Tea or coffee? The answer might be genetic

Henrietta Strickland
November 17, 2018

To their surprise, people with genetic sensitivity to bitterness seemed to associate coffee with happiness more than others who were less sensitive.

The reasoning is all about our genetic predisposition to bitterness - in short, whether we find some substances more bitter than others will put us in one particular hot drink camp.

The participants with gene variants that made them taste the caffeine more strongly, known as caffeine "super-tasters", were 20 per cent more likely than the average person to be heavy coffee drinkers.

But, importantly for tea drinkers everywhere, that doesn't make them right.

The study was led by Jue-Sheng Ong and Liang-Dar Hwang at the QIMR Berghofer Medical Research Institute and the University of Queensland in Australia. Scientists have found the answer may in fact come down to your genes.

The findings suggest that variations in bitter taste perception resulting from genetic differences may help to explain why some people have preferences for coffee, tea or alcohol.

For quinine and PROP, the team confirmed their hypothesis.

"You'd expect that people who are particularly sensitive to the bitter taste of caffeine would drink less coffee", Marilyn Cornelis, senior author of the study, said in a statement. This makes flawless sense, given the evolutionary reasons humans are sensitive to bitter tastes in the first place: It's adaptive to not eat bitter things that might be under-ripe or poisonous.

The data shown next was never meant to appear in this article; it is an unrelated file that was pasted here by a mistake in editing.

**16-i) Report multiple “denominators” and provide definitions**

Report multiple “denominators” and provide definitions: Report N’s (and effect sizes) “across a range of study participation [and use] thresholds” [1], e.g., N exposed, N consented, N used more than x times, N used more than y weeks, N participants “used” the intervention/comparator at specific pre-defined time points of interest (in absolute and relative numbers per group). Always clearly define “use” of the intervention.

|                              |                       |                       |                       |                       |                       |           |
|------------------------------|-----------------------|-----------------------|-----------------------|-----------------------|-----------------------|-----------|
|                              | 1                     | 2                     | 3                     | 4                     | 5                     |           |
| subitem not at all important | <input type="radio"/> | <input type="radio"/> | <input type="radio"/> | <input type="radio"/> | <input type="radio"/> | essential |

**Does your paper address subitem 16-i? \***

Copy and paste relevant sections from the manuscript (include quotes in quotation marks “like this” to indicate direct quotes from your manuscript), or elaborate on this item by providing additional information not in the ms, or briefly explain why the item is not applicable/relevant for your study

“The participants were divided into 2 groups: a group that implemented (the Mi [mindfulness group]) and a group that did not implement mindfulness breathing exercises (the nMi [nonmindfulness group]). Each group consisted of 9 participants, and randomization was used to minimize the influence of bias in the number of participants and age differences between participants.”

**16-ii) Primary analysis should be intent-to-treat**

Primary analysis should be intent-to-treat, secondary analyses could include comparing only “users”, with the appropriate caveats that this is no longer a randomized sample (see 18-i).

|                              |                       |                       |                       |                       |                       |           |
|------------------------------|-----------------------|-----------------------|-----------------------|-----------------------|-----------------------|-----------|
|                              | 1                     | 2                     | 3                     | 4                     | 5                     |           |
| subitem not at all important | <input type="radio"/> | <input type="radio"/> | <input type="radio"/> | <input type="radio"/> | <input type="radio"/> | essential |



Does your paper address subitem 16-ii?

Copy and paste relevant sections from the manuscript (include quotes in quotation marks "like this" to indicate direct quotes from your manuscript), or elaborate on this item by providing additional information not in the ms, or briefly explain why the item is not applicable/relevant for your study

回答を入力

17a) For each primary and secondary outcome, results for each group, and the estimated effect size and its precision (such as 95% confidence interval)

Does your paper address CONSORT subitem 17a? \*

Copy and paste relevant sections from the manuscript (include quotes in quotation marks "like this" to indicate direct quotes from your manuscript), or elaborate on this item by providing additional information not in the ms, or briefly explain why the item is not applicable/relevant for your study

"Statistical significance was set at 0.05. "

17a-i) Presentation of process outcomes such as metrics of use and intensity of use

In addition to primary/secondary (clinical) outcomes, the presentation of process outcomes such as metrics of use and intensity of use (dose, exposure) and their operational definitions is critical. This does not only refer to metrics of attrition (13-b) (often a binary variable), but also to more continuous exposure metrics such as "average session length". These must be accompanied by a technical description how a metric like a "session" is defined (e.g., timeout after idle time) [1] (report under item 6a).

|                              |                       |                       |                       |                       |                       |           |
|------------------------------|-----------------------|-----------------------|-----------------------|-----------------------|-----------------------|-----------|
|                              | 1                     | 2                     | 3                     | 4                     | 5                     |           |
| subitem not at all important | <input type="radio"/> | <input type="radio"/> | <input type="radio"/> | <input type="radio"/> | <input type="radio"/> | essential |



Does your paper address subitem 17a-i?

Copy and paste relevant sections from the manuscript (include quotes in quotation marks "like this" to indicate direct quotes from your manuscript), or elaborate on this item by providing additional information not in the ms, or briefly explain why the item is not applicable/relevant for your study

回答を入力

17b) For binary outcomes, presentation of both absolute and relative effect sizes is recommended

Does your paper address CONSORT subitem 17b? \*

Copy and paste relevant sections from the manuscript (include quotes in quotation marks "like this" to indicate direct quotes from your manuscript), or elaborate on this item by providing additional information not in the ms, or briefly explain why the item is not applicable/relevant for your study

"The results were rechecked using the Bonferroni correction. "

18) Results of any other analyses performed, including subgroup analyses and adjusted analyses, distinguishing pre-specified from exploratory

Many of them, particularly those sensitive to PROP also drank less alcohol - and more specifically, tended to avoid red wine.

But their study of more than 400 000 people in the United Kingdom found that the more sensitive people are to the bitter taste of caffeine, the more coffee they drink.

How could this be?

"Most of us probably have anecdotal experience (or common sense) on how our taste influences what we drink, and now we can proudly say that there's some genetic evidence to support such a link", said Ong, in an email.

Not only that, the presence or absence of these genes determines how many cups of coffee or tea we throw back a day.

The effect of increased caffeine sensitivity was small: it only amounted to about two tablespoons more coffee per day.

But genes likely aren't the only factors driving people's tastes.

"Bitter taste perception is shaped by not only genetics but also environmental factors", he said.

Dr Marilyn Cornelis, co-author of the research from Northwestern University in IL, said: "The study adds to our understanding of factors determining beverage preferences - taste, in particular - and why, holding all other factors constant, we still see marked between-person differences in beverage preference as well as the amount we consume". "I guess you can say it's one of many factors and there's a genetic component to it".

Other reports by Click Lancashire

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